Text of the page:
What a difference a year can make. Last year there was a lot of confusion around cloud computing. There seemed to be more of a “wait and see” attitude among IT professionals. Now here we are one year later and confusion has cleared and the value proposition is being realized, but the concerns are the same: security (particularly for externally-provisioned cloud services) and costs, specifically: the pure variable-rate cost model of some externally-provisioned cloud services doesn’t sit well with IT departments charged with setting (and keeping to) fixed annual budgets.
These concerns go a long way towards explaining why we continue to see most cloud deployments still being on “internal clouds,” rather than externally-provisioned cloud services. The most common apps either currently or planned in the near-term to be provisioned through cloud computing architectures (email, databases and collaboration applications) are all much more commonly provisioned through internal clouds.
Another thing that came out loud and clear in our recent CMB Tech Pulse study (“Cloud Computing in the Enterprise”) was that most enterprises are going to be living with mixed-mode environments for the foreseeable future (i.e., some of their workloads will be provisioned through cloud computing; others will not). IT departments predict that their average workload percent provisioned through cloud computing will double over the next two years (starting from a pretty small base currently). But looking at the actual projected distribution two years out: most companies expect to have anywhere from 1-50% of their workloads running through cloud computing. In other words: typical IT networks will be more evenly distributed between cloud and non-cloud architectures in the near future. This mixed mode environment is a real pain point for IT departments, but it is also an area of opportunity.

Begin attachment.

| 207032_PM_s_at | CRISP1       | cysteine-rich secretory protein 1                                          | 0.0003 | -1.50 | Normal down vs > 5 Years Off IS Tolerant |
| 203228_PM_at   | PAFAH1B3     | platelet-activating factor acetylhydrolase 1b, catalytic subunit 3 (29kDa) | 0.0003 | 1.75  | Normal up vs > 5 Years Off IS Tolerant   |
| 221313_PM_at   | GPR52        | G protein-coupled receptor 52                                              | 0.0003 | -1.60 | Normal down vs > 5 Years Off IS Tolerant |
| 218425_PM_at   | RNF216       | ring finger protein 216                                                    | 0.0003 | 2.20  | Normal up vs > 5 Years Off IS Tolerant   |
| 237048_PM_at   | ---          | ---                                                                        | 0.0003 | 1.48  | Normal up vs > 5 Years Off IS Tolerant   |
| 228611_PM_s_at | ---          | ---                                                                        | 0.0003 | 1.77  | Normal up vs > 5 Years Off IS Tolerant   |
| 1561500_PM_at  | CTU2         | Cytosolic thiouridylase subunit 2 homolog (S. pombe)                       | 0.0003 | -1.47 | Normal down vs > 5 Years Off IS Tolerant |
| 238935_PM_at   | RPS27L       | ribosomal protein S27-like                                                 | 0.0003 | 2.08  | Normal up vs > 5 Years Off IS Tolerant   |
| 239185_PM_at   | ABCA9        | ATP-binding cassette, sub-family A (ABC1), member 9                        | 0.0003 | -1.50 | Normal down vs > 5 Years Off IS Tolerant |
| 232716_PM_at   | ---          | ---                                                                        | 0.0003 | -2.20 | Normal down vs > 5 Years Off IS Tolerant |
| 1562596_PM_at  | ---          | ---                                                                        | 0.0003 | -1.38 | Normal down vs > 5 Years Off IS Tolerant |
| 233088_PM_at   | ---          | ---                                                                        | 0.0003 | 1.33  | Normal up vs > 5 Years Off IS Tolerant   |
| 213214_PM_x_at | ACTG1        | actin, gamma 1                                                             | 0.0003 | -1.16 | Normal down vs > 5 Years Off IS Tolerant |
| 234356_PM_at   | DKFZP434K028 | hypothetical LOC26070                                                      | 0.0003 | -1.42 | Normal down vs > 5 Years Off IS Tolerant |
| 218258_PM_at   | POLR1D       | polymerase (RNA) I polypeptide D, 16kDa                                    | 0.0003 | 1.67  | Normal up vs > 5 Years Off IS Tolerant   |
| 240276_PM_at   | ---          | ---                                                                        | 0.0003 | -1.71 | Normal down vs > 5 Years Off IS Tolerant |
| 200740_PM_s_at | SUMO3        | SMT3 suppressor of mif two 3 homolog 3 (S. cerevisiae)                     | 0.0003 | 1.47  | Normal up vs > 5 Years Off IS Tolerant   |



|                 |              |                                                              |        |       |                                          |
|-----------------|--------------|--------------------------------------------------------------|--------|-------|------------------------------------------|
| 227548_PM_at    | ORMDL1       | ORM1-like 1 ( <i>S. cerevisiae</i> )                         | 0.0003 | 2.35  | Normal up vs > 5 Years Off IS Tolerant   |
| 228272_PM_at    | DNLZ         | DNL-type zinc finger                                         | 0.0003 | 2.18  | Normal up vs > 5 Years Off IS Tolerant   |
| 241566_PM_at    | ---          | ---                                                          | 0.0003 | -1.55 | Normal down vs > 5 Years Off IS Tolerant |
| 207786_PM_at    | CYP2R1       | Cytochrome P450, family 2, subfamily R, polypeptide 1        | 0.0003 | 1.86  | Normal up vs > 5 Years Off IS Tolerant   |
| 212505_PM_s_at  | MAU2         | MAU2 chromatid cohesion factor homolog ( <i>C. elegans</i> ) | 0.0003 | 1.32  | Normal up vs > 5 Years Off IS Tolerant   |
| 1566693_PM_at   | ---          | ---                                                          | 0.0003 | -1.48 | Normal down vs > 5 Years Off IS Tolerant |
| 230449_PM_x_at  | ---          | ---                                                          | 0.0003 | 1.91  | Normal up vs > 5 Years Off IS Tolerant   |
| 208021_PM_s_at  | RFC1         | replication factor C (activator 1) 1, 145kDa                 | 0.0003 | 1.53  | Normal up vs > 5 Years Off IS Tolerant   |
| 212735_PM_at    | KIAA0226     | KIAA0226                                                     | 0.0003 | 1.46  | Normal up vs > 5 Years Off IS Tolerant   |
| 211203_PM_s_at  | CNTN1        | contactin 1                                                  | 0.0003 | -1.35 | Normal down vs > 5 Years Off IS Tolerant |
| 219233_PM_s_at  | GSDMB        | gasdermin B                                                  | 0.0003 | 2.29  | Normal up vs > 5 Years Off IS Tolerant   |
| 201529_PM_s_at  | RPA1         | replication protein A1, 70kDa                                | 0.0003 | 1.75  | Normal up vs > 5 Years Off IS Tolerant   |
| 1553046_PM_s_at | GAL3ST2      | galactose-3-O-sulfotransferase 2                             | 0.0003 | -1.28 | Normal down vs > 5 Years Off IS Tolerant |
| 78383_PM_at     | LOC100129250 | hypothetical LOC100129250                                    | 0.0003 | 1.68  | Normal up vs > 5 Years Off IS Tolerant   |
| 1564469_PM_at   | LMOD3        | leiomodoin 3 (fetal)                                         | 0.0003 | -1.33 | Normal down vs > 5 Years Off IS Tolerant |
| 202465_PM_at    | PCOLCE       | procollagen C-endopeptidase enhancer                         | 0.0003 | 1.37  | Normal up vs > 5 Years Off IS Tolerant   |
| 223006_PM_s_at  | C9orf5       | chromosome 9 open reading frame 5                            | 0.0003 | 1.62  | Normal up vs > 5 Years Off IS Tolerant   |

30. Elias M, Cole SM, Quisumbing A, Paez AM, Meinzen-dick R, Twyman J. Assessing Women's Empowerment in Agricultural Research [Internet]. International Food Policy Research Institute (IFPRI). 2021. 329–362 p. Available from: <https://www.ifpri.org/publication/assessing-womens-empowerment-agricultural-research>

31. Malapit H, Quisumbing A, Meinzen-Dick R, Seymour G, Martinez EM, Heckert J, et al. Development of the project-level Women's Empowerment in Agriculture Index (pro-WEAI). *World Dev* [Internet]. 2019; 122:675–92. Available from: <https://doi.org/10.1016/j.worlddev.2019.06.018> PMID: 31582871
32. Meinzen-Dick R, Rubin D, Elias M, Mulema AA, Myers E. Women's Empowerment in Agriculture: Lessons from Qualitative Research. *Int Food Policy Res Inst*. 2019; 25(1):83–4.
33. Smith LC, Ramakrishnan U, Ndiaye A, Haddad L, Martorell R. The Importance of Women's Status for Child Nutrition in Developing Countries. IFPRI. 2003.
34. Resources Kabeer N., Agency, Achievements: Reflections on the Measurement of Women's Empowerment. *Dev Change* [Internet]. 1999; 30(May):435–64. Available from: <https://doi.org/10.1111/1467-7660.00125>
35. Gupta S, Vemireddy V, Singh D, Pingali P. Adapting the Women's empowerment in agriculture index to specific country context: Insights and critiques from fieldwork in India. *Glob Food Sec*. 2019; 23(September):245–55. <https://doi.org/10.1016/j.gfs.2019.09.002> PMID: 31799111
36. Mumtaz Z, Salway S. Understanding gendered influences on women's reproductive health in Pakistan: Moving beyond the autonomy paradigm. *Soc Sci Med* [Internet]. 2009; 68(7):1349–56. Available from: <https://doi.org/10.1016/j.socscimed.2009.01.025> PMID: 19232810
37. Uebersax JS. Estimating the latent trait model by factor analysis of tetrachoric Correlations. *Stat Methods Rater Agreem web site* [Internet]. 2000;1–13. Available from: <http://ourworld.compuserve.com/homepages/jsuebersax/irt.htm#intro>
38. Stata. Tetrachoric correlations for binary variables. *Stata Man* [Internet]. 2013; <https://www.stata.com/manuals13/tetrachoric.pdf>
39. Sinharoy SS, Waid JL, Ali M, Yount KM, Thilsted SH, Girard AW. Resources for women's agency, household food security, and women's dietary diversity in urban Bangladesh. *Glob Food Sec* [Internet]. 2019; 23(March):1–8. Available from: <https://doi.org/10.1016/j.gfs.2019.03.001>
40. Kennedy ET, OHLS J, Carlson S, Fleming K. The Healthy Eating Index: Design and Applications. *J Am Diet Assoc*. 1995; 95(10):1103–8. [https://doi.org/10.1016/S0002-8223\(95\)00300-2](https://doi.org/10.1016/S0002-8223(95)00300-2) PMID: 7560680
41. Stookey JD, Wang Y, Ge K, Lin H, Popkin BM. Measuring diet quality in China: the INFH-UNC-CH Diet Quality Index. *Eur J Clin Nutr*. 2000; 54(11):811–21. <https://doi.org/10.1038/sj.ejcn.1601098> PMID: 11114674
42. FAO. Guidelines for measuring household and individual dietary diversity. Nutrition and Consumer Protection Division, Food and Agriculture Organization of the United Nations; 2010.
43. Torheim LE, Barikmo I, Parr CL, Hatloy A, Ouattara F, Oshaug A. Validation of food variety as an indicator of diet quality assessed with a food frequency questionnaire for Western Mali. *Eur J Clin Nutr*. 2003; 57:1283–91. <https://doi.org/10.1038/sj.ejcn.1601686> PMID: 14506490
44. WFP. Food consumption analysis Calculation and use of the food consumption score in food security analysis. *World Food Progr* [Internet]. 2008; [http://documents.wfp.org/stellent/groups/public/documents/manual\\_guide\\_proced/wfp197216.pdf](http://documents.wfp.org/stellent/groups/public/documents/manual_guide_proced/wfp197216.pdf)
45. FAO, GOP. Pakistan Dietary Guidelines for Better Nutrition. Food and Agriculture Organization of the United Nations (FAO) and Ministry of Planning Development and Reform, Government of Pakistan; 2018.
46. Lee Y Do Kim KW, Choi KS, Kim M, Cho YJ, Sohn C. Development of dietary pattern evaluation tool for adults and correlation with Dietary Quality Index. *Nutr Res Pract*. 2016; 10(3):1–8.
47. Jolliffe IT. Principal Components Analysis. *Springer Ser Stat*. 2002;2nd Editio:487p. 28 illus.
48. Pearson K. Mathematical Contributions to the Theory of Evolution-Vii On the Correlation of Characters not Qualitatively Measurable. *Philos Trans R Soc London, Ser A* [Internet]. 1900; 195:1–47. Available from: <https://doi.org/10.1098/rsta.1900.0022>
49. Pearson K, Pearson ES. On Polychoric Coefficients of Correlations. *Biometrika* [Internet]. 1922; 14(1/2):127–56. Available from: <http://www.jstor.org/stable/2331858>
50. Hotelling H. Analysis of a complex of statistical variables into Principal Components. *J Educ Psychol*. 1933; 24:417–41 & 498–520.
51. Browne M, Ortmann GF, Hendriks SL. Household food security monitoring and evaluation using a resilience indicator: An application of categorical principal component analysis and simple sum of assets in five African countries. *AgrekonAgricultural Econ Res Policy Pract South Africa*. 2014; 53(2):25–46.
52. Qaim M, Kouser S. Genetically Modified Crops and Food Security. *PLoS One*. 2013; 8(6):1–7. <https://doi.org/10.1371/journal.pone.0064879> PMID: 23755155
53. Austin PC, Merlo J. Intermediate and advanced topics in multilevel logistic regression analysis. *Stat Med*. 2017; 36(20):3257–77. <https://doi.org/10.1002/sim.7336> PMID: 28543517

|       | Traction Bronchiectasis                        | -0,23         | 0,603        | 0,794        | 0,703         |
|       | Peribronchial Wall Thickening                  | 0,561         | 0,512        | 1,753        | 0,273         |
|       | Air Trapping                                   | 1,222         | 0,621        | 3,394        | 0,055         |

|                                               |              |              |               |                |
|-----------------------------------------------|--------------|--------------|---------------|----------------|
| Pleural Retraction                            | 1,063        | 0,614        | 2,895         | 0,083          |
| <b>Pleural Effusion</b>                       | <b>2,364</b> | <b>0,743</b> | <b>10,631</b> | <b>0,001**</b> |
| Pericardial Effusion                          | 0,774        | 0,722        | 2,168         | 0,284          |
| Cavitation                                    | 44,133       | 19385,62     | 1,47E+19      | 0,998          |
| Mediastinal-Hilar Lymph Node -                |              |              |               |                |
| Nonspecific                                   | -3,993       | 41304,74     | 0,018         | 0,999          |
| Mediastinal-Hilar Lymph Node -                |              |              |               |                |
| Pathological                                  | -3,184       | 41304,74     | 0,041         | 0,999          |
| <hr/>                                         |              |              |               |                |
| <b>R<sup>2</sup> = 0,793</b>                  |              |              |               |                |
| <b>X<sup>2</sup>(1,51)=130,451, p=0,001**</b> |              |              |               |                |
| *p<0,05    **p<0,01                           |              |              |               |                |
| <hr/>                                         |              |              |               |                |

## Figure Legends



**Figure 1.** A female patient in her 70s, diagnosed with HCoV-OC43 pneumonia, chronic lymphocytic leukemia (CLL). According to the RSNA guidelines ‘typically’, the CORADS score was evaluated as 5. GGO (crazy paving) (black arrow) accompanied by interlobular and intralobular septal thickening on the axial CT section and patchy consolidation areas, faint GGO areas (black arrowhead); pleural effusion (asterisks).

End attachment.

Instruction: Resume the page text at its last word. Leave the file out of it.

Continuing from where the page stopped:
Three keys to make 2011 the year of the Cloud:
- Can’t we all get along? IT buyers want cloud solutions that “play nice” with other applications, legacy architectures, and platforms. Dell is definitely going down the open platform route. Other providers (who shall remain unnamed for now ;-)) are busy promoting the oldest trick in the high-tech industry playbook: single-platform lock-in to monolithic, proprietary silos.
- Support for cloud and non-cloud architectures: System management platforms that can span both cloud and non-cloud architectures (as well as virtualized and non-virtualized infrastructure) will be very appealing to IT departments trying to manage this mess as it evolves.
- VARs “in the know:” IT buyers will be seeking out new types of professional services (either directly from cloud solution providers or third-party consultancies) to assist them with the integration, customization and management of this: 60% of the IT decision-makers we surveyed felt that their current channel partners (system integrators, VARs, etc.) are not well prepared to assist them with making the transition towards cloud computing. All IT vendors, meanwhile, are busy building up their professional services businesses: this is (and will continue to be) a highly sought-after area of subject-matter expertise.
Where there are pain points there is opportunity. While I think we will continue to see the adoption of cloud computing continue to grow it won’t be ubiquitous in 2011 or 2012 for that matter. Vendors that recognize and embrace the mixed environments and that can blend the “old” with the “new” will be well-positioned to seize some of these new opportunities.
Download our latest Tech Pulse Report: Cloud Computing in the Enterprise
Posted by Chris Neal. Chris leads CMB’s Tech Practice. He enjoys spending time with his two kids and rock climbing.